The tenor of that process concerns me for a very different reason than the effect that it has on the judge. I worry about how it affects the public. There is ample evidence that the public has very little understanding of the court system, the judicial process generally, and even of the way that we decide cases. When candidates for the judiciary are so publicly questioned about their personal views on various controversial issues of our day, I feel that the public is increasingly convinced that judges base their decisions on their personal views rather than case law, statutes, and relevant facts. In my view, the confirmation process is an excellent example of one of the places where the public could be educated appropriately about the role of an independent judiciary, the true meaning of a government of laws and not of people, and some of the basic tenets upon which this nation was founded. Regrettably, when the public is only exposed to such rancorous questioning about personal viewpoints, it reinforces the cynicism about whether the judicial process is fair for all people. I fully recognize and applaud the constitutional role that the Senate has in the confirmation process. I only wish that all three branches of government would spend some time taking the high ground of educating the public about some of the basic first principles upon which this nation was founded. Regrettably, I think the confirmation process as it stands today is counterproductive in that respect.This is a stinging rebuke of Sen. Chuck Schumer and his ideological lynch mob, although Judge Tacha does not identify the Democrats expressly. When Schumer talks about opposing nominees not in the "mainstream," he is rejecting the "first principles upon which this nation was founded." Indeed, America was not founded by the mainstream, but by revolutionaries who tossed aside centuries of monarchy to create the world's first modern republic.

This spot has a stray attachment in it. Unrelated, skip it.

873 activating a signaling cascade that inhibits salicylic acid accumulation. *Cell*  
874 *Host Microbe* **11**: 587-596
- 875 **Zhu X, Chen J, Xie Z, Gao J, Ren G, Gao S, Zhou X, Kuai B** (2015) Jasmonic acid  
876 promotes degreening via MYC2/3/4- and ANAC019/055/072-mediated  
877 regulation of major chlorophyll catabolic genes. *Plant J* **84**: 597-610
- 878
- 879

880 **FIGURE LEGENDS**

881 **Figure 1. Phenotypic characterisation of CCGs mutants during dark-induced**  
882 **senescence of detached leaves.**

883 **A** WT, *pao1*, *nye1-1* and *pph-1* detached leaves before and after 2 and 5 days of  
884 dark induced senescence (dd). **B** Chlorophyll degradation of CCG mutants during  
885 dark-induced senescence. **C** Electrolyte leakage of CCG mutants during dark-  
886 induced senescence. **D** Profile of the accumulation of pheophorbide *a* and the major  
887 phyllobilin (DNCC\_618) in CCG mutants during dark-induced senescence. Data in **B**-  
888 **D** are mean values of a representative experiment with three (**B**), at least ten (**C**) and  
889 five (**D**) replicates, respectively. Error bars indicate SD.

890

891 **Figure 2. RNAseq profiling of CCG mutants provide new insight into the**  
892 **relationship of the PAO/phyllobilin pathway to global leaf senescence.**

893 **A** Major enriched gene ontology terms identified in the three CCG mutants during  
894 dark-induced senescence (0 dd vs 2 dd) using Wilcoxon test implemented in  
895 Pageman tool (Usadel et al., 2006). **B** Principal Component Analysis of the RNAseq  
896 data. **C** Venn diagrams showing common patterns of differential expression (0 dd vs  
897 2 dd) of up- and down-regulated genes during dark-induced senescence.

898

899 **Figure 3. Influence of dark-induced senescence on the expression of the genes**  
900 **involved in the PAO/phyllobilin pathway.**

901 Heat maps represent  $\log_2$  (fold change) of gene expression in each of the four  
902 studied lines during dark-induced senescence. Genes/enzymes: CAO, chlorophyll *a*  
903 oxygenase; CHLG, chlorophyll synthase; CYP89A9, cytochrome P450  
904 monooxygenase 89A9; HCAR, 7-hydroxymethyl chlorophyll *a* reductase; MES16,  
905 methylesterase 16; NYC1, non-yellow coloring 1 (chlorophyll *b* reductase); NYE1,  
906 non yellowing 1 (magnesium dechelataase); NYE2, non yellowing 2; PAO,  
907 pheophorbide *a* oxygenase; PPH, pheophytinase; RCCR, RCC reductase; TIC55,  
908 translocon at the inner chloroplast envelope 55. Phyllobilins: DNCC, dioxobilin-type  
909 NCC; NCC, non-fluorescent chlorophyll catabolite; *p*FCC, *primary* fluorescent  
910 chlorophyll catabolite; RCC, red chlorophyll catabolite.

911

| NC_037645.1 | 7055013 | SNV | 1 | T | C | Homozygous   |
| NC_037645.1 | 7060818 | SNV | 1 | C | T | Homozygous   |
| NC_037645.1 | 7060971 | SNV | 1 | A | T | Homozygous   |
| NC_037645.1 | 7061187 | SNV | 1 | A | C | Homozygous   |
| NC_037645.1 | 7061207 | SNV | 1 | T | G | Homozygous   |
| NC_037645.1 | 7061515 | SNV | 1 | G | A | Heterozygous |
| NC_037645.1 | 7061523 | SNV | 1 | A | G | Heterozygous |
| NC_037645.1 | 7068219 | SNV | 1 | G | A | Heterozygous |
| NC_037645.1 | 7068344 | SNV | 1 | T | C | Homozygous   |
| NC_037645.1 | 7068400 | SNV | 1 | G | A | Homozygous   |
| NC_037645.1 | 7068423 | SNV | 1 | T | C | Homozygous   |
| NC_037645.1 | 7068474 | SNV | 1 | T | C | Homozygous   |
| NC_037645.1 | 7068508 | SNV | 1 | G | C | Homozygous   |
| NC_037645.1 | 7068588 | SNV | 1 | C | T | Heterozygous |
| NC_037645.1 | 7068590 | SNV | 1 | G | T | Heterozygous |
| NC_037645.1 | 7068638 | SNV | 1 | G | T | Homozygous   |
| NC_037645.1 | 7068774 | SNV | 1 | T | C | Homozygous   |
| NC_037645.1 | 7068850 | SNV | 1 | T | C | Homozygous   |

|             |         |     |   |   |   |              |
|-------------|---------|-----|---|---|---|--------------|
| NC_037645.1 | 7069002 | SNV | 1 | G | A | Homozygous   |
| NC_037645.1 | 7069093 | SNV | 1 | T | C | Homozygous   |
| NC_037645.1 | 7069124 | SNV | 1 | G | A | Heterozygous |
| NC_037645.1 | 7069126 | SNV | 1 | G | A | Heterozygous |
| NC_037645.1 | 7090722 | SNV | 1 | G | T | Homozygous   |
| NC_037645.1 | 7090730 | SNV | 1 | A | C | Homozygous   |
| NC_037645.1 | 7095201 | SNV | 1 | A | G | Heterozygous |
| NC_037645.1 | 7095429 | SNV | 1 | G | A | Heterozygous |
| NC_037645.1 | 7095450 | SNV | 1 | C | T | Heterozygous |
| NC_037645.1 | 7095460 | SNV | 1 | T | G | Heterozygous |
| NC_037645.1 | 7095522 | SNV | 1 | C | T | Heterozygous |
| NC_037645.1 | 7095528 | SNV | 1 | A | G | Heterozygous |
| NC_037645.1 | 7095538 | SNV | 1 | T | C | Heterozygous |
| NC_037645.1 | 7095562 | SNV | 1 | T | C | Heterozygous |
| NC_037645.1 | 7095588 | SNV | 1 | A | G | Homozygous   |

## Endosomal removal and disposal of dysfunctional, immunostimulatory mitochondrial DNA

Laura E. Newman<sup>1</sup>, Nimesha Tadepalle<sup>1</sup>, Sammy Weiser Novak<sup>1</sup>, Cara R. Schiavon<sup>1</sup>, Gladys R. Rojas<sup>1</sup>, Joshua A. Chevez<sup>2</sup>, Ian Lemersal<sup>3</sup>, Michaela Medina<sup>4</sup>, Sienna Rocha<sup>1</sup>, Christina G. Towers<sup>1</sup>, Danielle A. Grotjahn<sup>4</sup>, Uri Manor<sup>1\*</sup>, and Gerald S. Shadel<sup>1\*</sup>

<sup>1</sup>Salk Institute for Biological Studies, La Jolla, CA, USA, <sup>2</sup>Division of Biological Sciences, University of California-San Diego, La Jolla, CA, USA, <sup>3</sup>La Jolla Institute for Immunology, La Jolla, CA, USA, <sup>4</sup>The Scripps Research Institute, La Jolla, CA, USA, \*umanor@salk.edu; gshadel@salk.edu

But more to Judge Tacha's point, the confirmation process has now become a battleground for a handful of interest groups, rather than a place to explain to the public how the courts work. And for all of the preening and posturing, there is virtually no discussion about genuine "ideology". The White House shares much of the blame for this with the Senate. Traditionally the White House—regardless of party—muzzles judicial candidates prior to their appearance before the Senate Judiciary Committee. This neuters potential judges in the face of organized interest group opposition. It also forces judges, when appearing before the committee, to act is if they have no ideology or deeply-held beliefs. Remember, the White House wants judges confirmed. They don't want to see a grand explication of ideology a la the courtroom scene in The Fountainhead.
Janice Rogers Brown, a nominee to the D.C. Circuit, is the most tragic recent example of these policies. In reviewing Justice Brown's opinions with the California Supreme Court and her outside writings, she reveals herself to be a true champion of property rights and other individual rights principles that most conservative jurists wouldn't touch with a ten-foot pole. This puts her outside Chuck Schumer's judicial mainstream, which long ago adopted "group rights" as their organizing principle. Yet when challenged before the Judiciary Committee—a group of mediocre lawyers who couldn't hold their own against an unshackled Janice Brown—the White House largely fell back on its political platitudes without mounting a serious ideological attack.
This of course reflects the White House's lack of commitment to first principles. As these confirmation battles continue to mount, I have started to reluctantly conclude that the White House values their embattled nominees as political weapons rather than ideological clashes. In other words, President Bush would rather have a distraught nominee like Janice Brown—an African-American woman—to parade around come election time than he would a Circuit Judge Janice Rogers Brown. I wonder if the senior White House staff actually bothered to look at Justice Brown's principles, as I did, or if they just saw a black woman they could parade around for the cameras.